1) Supporting Your Argument
Most arguments are built on assertions—statements that you make about a debatable topic—backed by evidence—supporting information, in the form of examples, statistics, or expert opinion. If, for instance, you asserted that law-enforcement officials are winning the war against violent crime, you could then support this assertion by referring to a government report stating that violent crime—especially murder—has dramatically decreased during the past decade. This report would be one piece of persuasive evidence.
Only assertions that are self-evident (“All human beings are mortal”), true by definition (2 + 2 = 4), or factual (“The Atlantic Ocean separates England and the United States”) need no proof. All other kinds of assertions require support.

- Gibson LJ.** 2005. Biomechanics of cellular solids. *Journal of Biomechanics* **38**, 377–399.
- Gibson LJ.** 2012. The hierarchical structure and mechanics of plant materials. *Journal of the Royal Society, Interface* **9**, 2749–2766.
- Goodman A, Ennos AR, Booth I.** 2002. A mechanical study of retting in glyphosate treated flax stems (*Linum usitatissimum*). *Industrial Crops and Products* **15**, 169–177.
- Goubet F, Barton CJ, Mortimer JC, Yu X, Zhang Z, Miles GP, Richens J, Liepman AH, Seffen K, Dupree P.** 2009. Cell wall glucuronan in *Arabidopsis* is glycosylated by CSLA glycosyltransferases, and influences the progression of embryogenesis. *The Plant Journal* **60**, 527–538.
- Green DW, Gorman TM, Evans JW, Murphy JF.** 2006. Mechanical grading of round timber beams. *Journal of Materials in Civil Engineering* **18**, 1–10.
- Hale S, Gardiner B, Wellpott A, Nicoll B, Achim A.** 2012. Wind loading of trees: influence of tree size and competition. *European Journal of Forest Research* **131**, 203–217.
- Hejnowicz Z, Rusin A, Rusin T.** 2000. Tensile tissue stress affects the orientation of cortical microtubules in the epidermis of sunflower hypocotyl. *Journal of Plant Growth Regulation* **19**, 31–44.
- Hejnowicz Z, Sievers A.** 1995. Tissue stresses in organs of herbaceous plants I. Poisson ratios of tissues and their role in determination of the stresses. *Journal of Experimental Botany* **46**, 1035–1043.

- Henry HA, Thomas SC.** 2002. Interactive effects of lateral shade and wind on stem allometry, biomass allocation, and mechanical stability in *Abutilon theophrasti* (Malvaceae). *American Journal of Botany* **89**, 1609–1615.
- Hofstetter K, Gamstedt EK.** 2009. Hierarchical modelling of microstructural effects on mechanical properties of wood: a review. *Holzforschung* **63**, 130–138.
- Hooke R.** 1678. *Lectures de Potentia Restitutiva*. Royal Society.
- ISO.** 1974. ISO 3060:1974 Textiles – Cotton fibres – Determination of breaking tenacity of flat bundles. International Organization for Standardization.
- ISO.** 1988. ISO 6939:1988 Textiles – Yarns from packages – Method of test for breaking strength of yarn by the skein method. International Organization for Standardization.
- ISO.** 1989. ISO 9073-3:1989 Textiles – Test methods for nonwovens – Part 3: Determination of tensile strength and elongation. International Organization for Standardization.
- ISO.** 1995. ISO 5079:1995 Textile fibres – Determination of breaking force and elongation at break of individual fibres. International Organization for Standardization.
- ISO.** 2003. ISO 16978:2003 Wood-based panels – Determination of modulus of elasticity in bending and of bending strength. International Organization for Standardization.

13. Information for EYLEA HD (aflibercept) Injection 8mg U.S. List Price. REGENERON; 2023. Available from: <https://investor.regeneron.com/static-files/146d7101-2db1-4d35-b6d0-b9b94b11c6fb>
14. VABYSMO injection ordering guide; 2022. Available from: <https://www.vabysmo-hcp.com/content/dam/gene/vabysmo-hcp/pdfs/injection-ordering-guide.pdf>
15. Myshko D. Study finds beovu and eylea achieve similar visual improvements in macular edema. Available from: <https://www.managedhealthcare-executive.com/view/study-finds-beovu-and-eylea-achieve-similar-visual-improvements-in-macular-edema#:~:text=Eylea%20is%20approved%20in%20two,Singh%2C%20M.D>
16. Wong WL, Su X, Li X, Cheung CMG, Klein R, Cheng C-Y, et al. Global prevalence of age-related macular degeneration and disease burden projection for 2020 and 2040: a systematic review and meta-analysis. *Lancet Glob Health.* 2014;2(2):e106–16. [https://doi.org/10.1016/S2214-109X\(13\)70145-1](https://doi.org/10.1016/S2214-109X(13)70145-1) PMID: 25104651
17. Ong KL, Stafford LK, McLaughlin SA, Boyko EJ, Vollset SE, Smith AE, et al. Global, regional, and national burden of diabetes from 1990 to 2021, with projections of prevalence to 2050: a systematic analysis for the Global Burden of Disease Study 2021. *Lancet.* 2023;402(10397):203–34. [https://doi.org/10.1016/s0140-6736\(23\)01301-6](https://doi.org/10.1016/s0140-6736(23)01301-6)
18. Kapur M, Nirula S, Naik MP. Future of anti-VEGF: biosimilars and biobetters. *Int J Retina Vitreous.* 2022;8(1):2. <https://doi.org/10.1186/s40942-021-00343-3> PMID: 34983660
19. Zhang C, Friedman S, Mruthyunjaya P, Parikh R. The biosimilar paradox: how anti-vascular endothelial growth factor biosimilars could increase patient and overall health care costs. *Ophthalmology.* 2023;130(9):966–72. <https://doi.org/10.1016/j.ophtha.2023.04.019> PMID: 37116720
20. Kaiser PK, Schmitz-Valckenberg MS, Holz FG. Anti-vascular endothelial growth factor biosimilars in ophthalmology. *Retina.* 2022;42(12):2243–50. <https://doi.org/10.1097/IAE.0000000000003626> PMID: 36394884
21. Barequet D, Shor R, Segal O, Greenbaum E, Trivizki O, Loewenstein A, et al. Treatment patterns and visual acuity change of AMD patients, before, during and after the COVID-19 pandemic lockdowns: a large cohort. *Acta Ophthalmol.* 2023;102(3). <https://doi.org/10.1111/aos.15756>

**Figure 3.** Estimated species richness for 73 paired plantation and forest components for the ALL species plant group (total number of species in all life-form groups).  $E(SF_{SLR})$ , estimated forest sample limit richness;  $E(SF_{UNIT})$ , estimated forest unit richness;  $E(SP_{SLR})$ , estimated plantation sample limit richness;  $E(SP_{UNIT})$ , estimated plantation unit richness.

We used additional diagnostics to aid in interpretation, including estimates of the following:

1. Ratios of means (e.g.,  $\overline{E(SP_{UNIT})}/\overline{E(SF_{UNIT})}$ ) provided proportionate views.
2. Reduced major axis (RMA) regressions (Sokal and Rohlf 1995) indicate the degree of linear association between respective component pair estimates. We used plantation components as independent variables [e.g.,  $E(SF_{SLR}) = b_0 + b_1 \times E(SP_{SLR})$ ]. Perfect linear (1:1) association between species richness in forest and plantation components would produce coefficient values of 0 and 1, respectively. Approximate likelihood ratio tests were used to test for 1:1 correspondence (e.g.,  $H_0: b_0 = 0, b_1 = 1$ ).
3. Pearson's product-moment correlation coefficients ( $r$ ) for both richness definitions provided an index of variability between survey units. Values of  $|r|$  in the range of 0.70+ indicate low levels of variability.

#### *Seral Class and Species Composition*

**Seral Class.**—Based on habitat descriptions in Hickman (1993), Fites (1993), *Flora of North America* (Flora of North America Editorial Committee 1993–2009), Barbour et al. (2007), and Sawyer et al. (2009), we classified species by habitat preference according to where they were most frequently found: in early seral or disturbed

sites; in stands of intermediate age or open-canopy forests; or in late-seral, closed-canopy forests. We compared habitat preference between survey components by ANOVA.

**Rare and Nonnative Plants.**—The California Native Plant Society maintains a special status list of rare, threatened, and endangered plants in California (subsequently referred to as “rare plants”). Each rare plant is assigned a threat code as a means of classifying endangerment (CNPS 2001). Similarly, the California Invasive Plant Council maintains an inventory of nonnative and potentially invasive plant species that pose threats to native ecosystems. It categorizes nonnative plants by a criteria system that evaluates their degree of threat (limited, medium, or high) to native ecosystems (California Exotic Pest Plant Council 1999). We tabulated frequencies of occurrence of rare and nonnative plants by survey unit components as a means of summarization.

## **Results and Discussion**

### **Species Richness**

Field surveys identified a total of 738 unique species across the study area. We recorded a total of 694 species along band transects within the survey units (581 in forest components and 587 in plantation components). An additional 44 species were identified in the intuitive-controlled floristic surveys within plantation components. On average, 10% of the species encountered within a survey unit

NOTE: Remember that you can never prove a thesis conclusively—if you did, there would be no argument. The best you can do is to provide enough evidence to establish a high probability that your thesis is reasonable or valid.